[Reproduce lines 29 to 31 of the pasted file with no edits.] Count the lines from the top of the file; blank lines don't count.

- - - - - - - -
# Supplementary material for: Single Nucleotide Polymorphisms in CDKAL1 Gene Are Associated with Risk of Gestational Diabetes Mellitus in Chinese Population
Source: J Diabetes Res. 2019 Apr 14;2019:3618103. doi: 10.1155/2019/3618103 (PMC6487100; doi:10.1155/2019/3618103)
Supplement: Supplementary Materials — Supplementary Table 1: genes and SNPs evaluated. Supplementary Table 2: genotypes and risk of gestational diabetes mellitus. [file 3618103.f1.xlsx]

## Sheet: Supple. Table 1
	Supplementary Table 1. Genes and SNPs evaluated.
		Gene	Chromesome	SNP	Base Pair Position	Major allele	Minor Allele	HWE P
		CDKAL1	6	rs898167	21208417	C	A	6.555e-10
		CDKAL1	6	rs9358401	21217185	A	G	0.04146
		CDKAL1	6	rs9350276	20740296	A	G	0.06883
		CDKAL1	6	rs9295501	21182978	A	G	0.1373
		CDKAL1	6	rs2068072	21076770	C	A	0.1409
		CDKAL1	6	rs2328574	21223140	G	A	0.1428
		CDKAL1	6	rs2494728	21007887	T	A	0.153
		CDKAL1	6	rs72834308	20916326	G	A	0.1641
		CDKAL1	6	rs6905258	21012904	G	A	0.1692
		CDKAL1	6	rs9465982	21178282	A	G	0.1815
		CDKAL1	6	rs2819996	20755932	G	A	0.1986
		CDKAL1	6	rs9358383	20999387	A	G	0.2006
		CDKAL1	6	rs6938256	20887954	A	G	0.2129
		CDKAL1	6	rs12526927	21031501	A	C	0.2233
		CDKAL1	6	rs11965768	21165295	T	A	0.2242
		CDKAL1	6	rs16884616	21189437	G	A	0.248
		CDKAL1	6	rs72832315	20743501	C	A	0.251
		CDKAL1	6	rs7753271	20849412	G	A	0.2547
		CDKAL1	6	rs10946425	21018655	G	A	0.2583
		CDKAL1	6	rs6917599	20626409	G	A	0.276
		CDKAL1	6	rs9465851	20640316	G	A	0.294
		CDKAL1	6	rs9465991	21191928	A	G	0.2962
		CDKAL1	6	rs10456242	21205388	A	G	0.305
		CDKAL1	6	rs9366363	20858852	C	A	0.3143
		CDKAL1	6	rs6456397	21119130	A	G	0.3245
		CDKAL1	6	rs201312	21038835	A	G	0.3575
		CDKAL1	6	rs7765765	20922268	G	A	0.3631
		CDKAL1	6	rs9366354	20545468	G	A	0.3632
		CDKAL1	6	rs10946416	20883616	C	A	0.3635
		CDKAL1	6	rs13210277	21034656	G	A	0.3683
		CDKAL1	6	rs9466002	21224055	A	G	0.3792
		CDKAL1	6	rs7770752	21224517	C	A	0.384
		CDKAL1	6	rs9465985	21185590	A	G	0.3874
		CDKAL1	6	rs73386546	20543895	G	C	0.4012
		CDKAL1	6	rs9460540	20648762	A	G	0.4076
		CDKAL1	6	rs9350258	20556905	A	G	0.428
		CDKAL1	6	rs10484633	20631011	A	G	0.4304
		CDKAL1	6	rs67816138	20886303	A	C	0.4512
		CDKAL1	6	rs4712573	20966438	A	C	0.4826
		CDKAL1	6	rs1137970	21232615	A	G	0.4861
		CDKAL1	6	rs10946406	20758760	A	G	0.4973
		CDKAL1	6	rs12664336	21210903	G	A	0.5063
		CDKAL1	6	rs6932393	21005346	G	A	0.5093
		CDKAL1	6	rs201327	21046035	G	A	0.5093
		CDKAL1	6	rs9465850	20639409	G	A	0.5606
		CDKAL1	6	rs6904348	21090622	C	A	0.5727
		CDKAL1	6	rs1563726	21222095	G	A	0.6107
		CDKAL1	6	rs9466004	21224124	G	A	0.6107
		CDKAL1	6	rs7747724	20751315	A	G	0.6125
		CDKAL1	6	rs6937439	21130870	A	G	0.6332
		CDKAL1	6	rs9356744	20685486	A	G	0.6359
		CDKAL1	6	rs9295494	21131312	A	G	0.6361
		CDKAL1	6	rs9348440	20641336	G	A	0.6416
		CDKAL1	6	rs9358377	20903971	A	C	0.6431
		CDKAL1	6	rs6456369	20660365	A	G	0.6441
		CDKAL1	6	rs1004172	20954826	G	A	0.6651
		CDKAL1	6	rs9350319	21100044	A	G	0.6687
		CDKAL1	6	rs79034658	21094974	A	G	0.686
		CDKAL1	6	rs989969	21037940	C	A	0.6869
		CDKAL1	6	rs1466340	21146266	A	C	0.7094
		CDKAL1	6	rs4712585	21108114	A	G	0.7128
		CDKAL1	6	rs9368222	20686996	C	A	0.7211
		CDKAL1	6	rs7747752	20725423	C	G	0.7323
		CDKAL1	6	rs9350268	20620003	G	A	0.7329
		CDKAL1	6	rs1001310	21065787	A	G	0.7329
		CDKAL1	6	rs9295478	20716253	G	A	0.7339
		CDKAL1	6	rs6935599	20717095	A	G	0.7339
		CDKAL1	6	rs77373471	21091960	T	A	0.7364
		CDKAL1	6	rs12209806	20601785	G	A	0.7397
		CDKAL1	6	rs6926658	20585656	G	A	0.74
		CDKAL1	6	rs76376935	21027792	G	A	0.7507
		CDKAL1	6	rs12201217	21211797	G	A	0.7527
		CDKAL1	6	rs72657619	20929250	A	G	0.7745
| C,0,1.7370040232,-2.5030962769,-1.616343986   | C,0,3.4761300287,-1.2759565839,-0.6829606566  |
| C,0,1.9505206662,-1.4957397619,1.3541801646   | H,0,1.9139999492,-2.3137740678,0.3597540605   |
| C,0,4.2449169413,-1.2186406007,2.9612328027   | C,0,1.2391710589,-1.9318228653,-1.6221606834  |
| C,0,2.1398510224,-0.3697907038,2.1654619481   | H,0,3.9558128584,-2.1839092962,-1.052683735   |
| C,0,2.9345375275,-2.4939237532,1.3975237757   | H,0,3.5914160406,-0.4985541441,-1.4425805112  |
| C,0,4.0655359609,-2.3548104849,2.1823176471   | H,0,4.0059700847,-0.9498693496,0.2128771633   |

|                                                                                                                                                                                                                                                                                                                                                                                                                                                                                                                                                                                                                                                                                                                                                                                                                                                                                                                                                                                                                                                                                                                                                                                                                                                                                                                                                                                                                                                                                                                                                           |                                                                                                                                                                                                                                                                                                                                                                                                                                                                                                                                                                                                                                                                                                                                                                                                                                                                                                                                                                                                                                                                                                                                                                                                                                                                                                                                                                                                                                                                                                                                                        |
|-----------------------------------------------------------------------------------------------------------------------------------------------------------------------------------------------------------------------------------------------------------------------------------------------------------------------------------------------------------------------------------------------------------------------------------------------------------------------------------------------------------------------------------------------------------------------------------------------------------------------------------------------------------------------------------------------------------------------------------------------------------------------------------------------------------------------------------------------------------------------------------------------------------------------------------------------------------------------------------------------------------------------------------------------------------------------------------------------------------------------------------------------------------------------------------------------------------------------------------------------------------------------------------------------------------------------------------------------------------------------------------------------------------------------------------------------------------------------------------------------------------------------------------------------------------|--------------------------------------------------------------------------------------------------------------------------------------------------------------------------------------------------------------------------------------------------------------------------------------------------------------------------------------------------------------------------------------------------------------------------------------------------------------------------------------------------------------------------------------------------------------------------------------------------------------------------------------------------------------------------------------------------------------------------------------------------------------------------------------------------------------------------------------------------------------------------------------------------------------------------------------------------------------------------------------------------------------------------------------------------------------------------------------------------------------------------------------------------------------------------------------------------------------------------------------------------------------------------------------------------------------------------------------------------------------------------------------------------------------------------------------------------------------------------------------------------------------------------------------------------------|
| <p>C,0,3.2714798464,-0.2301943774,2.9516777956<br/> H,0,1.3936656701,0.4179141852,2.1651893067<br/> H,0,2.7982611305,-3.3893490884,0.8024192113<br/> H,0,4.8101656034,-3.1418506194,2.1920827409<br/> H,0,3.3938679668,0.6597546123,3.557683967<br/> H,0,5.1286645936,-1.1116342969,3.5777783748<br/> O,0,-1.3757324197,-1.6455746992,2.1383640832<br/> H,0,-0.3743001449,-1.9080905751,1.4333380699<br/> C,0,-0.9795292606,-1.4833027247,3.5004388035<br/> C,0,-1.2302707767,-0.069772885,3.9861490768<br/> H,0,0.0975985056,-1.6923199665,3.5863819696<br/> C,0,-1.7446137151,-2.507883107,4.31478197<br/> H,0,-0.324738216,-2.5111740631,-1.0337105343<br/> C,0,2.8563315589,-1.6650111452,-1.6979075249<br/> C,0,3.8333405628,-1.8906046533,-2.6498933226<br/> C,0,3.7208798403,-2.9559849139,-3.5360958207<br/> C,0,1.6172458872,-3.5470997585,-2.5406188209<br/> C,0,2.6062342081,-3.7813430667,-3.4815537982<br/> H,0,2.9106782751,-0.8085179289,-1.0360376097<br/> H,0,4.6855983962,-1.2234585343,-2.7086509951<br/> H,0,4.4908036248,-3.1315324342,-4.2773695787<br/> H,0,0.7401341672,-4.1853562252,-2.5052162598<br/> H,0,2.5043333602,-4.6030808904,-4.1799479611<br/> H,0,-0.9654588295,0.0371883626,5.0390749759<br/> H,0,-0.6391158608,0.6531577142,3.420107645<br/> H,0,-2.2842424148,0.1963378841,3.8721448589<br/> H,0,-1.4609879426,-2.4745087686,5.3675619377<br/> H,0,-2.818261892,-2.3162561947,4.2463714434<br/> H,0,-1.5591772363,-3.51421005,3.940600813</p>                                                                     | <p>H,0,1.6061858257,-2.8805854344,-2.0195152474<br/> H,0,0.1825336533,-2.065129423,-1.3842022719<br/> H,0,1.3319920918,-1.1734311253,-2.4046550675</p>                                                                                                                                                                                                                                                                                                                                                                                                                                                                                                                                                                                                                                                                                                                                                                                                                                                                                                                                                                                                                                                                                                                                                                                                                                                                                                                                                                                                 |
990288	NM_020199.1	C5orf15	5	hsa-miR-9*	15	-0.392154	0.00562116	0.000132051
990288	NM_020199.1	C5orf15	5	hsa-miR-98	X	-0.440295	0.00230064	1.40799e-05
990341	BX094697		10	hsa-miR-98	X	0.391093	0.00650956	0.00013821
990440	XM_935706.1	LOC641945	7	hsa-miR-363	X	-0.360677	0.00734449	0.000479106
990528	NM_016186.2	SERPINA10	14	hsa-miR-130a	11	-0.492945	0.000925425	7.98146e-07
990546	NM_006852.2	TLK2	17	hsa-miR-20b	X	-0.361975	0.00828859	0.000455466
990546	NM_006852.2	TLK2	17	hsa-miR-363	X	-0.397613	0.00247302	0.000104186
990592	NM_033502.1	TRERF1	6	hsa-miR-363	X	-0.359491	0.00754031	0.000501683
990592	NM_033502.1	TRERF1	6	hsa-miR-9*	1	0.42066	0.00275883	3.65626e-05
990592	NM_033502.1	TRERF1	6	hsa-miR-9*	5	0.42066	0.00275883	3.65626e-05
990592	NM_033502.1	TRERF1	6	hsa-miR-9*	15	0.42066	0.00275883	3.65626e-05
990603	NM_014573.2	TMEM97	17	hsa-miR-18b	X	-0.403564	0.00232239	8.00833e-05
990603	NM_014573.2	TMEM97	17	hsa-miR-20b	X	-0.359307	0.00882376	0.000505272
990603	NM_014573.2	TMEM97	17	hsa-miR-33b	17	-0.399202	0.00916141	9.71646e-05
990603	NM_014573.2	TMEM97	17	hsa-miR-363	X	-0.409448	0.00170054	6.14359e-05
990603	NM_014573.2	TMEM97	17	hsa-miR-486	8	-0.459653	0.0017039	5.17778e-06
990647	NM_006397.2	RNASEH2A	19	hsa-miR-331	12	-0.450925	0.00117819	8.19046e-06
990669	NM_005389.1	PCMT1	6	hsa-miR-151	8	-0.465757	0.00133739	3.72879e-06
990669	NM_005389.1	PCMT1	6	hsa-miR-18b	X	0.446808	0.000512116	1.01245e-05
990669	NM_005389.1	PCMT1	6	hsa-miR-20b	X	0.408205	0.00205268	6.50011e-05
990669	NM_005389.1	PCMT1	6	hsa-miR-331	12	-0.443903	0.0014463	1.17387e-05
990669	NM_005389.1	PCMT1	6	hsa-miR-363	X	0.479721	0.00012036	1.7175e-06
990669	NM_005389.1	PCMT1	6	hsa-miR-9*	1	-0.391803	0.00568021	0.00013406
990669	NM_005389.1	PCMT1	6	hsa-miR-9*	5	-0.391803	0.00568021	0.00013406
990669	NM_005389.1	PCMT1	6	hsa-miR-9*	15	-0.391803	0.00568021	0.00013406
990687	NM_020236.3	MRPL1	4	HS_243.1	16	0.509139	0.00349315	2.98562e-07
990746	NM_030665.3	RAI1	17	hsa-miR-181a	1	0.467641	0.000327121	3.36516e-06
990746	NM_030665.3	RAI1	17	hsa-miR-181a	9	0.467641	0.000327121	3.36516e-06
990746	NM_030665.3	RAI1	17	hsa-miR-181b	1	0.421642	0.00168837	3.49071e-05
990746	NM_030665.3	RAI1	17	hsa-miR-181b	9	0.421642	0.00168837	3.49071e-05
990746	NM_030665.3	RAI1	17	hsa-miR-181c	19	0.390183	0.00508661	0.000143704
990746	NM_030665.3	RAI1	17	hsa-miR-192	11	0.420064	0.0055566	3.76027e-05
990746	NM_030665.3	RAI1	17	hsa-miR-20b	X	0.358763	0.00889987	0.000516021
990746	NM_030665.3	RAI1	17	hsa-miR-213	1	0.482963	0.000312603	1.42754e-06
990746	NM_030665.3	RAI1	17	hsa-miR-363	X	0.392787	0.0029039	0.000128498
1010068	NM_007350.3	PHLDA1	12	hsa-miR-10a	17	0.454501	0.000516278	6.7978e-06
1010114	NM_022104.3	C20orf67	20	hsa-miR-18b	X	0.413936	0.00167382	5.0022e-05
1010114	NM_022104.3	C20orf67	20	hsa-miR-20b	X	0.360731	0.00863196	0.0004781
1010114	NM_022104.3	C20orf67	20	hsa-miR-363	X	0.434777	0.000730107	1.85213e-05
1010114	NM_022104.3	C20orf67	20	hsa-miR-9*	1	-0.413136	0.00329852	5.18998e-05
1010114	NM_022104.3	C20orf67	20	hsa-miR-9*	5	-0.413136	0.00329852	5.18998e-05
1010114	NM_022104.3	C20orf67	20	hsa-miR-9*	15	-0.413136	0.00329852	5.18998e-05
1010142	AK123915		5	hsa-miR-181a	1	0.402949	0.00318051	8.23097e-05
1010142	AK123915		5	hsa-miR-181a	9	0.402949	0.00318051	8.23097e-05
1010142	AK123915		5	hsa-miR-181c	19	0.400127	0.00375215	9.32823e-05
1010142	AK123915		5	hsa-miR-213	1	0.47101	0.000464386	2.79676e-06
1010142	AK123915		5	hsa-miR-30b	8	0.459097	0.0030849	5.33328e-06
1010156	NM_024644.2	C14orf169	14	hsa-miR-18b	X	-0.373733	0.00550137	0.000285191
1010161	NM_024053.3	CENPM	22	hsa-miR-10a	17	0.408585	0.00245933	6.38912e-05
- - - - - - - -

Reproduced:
		CDKAL1	6	rs10456242	21205388	A	G	0.305
		CDKAL1	6	rs9366363	20858852	C	A	0.3143
		CDKAL1	6	rs6456397	21119130	A	G	0.3245